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Grief is similar. The walls of bereavement are very intimidating to even the spiritually and psychologically strong.  It doesn’t matter how whole you are, you will fall and you will fail.

Unless you enter through the trodden paths of ritual.

The muscle memory of grief is ritual. Ritual allows us to take the incredibly difficult task of mourning and find a way to persevere, even when it seems we shouldn’t.

Muscle memory is usually something you or I create through practice.  I climb routes at the climbing gym, my muscles get used to moving a certain way.

You practice the guitar day in and day out and your fingers move like jazz.

This is where the whole muscle memory analogy starts to fall apart when we relate it to grief.

While a professional’s muscle memory is something he or she created, death ritual muscle memory is something our community has created and it can only be “learned” within community.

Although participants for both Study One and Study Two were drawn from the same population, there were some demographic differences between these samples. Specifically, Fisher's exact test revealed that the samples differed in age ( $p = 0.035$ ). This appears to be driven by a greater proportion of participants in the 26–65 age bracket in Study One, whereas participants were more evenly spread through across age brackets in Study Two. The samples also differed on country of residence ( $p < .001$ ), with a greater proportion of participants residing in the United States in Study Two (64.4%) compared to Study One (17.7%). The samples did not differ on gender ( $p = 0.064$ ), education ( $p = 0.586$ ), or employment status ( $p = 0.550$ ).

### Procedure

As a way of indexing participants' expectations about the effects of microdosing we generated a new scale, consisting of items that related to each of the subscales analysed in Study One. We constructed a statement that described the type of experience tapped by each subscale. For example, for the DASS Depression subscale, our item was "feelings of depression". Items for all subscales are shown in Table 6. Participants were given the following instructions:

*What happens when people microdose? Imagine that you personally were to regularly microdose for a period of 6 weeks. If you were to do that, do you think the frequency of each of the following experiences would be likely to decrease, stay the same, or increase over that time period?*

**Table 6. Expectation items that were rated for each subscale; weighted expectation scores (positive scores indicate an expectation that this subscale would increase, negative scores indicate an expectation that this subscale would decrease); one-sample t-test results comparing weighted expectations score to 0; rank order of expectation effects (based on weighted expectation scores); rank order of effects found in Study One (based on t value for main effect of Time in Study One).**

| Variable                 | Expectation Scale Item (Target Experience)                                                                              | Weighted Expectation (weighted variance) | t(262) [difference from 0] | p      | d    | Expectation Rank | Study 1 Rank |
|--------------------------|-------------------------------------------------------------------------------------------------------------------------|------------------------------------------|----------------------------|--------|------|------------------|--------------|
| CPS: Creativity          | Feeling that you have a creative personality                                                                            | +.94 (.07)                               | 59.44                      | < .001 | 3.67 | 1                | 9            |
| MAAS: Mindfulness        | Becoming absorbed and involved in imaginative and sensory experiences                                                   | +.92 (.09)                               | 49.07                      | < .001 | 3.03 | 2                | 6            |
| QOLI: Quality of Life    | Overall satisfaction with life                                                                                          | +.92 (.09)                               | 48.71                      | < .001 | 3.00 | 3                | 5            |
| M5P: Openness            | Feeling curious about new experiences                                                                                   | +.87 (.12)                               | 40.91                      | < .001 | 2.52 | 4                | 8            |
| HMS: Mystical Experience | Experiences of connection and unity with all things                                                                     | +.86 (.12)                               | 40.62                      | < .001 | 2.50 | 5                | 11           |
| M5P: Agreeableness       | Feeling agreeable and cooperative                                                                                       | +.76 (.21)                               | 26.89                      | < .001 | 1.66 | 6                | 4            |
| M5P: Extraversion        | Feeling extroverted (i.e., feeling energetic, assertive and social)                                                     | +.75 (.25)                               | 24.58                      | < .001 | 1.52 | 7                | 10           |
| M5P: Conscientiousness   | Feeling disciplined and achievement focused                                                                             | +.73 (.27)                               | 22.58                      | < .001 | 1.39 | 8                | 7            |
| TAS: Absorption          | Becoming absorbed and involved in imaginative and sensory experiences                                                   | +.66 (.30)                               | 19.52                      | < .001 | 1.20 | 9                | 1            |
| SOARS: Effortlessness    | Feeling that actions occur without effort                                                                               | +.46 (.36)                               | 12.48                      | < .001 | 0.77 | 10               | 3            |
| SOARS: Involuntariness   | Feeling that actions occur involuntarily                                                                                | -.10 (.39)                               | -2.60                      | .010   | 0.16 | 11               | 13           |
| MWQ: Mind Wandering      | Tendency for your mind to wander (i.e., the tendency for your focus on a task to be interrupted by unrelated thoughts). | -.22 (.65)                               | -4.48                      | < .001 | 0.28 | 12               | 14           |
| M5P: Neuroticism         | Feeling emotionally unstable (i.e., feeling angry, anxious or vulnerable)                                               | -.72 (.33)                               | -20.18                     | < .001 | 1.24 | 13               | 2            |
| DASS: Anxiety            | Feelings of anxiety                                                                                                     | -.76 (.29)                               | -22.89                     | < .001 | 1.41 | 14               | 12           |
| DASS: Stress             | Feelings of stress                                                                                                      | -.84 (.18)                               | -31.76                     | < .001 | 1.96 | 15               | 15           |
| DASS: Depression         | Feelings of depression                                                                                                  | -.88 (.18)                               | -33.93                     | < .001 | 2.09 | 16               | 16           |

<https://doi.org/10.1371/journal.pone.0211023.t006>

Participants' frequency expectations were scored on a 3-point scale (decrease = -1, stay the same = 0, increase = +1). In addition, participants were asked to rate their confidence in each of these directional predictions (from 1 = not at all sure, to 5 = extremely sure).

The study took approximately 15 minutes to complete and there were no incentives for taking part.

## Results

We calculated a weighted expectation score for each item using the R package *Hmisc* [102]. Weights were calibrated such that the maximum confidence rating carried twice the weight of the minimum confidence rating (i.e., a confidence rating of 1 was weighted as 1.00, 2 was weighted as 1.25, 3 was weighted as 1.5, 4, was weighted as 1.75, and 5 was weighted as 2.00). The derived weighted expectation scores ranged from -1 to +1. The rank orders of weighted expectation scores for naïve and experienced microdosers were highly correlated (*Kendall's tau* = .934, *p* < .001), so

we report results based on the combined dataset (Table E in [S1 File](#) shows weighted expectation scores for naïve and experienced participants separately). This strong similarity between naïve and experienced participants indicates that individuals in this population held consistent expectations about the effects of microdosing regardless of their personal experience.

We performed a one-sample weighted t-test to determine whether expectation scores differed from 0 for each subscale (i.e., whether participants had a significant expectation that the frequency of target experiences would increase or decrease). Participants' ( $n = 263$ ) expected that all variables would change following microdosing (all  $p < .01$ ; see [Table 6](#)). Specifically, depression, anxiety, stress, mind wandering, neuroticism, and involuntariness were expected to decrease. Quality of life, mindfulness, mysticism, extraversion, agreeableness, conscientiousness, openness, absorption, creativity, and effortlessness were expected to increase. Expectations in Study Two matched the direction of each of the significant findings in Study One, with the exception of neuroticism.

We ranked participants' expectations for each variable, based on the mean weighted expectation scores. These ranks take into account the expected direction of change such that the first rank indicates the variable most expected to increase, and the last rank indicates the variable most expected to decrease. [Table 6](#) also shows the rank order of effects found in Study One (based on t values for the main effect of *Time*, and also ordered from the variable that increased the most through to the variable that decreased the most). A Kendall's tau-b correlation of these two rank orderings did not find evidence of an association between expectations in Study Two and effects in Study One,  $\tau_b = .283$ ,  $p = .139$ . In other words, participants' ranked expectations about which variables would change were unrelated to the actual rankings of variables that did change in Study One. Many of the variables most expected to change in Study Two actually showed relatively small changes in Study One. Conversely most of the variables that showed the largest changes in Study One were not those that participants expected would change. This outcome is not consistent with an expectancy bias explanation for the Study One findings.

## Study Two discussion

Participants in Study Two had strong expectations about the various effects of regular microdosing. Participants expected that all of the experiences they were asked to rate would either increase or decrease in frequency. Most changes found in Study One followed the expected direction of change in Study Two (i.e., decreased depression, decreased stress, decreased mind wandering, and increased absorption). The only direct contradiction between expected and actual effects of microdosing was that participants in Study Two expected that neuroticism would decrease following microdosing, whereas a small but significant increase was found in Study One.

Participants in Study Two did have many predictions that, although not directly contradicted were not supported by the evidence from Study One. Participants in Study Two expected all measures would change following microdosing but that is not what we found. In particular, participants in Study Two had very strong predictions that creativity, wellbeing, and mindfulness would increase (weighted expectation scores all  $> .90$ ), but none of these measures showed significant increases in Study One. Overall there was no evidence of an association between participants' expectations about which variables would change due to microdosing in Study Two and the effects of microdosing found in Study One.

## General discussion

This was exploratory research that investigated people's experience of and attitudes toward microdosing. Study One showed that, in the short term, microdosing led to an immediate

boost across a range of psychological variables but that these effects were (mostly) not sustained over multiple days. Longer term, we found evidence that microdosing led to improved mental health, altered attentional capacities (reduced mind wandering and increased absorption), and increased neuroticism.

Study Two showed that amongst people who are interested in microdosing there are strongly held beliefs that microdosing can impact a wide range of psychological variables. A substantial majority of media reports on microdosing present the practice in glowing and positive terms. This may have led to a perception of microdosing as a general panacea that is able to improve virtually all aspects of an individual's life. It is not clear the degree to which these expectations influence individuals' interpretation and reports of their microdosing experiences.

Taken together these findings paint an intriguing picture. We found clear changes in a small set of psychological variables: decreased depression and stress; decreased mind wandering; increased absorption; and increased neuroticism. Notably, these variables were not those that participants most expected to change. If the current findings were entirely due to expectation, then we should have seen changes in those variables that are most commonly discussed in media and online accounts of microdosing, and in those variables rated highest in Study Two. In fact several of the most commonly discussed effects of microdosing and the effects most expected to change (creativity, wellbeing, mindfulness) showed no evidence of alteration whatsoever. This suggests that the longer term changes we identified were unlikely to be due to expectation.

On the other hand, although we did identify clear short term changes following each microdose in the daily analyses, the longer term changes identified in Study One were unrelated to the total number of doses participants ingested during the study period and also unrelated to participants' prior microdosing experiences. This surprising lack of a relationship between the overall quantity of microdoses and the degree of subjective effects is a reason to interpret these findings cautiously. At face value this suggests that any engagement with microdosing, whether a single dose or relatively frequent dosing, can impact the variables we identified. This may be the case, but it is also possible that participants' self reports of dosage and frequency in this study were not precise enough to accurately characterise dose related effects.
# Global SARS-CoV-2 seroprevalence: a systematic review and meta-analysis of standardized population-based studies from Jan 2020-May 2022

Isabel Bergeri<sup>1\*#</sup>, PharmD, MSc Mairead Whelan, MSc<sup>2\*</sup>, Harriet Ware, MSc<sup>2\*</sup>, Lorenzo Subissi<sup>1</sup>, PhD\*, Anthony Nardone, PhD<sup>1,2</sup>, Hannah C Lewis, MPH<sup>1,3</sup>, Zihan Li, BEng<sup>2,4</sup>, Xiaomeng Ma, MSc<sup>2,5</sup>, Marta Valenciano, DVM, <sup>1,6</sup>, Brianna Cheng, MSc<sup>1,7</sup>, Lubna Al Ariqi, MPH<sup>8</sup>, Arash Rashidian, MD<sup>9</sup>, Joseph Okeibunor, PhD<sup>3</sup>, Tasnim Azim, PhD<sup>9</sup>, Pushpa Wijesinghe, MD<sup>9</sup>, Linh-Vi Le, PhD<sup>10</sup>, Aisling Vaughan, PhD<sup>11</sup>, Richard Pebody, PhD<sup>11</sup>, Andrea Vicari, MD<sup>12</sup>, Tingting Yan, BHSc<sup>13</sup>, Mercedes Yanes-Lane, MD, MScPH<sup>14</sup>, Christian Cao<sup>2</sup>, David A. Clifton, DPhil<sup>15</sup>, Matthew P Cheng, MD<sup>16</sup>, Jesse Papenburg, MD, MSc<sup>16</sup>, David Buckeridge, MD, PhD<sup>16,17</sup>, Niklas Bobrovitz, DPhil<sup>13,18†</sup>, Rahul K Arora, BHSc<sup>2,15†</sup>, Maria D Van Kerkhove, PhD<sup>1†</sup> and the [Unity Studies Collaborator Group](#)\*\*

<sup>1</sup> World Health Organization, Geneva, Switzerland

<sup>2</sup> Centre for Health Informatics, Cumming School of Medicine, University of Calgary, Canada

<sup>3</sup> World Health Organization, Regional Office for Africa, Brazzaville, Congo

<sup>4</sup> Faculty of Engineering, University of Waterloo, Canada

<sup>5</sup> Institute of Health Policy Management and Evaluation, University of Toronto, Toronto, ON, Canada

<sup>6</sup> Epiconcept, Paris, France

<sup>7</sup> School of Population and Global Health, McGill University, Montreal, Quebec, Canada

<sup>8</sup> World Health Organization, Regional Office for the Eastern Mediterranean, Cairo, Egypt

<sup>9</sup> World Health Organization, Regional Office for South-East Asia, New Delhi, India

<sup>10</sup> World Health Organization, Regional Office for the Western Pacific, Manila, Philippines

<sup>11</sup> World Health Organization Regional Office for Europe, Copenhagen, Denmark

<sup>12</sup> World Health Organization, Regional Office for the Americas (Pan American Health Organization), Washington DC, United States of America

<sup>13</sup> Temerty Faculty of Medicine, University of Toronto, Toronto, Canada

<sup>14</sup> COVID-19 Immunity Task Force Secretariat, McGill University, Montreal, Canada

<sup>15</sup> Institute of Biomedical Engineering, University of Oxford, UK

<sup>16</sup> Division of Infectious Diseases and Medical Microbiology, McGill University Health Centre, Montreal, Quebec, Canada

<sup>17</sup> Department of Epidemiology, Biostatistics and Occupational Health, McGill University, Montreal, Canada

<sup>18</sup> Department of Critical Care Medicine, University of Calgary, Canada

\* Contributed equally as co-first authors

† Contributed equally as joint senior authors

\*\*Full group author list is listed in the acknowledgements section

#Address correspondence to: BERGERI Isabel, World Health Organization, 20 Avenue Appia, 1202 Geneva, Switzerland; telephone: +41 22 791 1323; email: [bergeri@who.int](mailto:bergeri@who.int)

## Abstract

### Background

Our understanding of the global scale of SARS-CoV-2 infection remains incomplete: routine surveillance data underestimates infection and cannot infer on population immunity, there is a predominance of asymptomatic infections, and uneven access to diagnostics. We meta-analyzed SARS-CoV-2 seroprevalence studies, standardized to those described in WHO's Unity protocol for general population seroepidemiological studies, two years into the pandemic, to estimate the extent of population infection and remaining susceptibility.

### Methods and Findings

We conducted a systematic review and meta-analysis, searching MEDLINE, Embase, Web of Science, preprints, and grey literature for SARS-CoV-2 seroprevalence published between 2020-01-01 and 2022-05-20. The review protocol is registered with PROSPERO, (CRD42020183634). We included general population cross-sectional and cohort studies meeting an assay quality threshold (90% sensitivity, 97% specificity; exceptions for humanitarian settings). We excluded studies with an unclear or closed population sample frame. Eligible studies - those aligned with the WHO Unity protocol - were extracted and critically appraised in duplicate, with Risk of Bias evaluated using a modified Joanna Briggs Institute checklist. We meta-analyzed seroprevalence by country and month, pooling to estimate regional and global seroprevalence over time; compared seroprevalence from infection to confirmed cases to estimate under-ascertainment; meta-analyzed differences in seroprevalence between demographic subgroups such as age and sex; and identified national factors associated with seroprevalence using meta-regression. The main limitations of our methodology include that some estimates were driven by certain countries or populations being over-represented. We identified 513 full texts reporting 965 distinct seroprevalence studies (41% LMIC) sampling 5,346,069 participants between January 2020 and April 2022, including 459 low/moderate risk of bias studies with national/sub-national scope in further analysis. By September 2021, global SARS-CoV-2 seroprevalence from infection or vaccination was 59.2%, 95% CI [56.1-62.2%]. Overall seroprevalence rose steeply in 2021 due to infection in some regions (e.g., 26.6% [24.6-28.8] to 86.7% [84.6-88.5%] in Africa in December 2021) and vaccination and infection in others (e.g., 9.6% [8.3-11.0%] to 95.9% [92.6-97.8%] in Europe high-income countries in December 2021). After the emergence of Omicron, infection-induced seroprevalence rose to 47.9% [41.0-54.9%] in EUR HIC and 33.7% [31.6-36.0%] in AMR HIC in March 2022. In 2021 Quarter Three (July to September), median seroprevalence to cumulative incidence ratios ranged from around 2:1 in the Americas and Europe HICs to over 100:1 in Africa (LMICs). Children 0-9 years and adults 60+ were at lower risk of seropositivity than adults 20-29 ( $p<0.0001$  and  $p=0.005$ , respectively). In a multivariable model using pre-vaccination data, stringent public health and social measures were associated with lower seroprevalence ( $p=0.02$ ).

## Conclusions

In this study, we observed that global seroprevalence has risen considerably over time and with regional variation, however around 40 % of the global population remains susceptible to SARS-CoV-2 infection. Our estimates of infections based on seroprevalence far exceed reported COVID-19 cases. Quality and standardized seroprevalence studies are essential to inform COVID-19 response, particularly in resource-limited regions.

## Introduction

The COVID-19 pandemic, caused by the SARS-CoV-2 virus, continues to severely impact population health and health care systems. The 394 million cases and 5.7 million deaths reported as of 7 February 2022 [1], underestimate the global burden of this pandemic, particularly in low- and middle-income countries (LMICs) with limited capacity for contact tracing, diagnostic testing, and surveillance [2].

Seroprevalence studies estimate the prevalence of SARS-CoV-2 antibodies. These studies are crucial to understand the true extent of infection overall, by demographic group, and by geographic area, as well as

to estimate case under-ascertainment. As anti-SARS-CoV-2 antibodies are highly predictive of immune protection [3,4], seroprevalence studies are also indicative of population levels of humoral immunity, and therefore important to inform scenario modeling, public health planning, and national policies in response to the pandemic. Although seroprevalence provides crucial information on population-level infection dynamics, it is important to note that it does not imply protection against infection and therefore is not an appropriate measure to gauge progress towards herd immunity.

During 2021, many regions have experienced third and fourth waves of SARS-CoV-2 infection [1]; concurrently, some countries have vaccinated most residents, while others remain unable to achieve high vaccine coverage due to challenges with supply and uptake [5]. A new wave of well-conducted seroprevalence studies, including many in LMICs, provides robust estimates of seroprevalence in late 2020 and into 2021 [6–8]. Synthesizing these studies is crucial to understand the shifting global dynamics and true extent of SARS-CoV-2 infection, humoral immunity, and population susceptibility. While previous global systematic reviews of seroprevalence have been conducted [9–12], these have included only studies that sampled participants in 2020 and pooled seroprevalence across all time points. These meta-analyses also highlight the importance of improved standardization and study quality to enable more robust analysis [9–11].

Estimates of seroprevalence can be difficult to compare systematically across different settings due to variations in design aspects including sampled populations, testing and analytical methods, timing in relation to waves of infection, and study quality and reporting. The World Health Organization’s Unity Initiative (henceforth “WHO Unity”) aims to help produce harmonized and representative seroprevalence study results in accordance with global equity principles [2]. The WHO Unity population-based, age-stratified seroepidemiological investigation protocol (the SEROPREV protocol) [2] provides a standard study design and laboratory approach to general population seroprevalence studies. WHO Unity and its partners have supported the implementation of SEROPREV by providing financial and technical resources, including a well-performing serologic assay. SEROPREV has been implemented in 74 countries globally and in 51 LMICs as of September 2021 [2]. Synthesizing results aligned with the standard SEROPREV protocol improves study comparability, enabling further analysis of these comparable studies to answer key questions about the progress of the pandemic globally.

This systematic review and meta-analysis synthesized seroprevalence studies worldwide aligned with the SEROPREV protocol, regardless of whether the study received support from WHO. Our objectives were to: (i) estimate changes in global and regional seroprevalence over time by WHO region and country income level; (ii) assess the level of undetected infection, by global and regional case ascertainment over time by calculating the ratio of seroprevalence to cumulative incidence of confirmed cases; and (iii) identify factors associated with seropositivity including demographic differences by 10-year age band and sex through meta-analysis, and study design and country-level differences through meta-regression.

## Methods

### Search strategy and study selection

You didn’t create it.  It’s something we inherit … or something we can join.

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This from Alla Bozarth in “Life Is Goodbye, Life is Hello: Grieving Well Through All Kinds of Loss”:

Funerals are the rituals we create to help us face the reality of death, to give us a way of expressing our response to that reality with other persons, and to protect us from the full impact of the meaning of death for ourselves.

The problem is this: so many of us have disconnected ourselves from community, tradition and a religion that we’ve never received the graces of grief ritual.

If we have community in place,

if we embrace tradition in times of death

and we’re willing to involve the motion and movement of religion,

we may find life and meaning in a task that many onlookers see as insurmountable.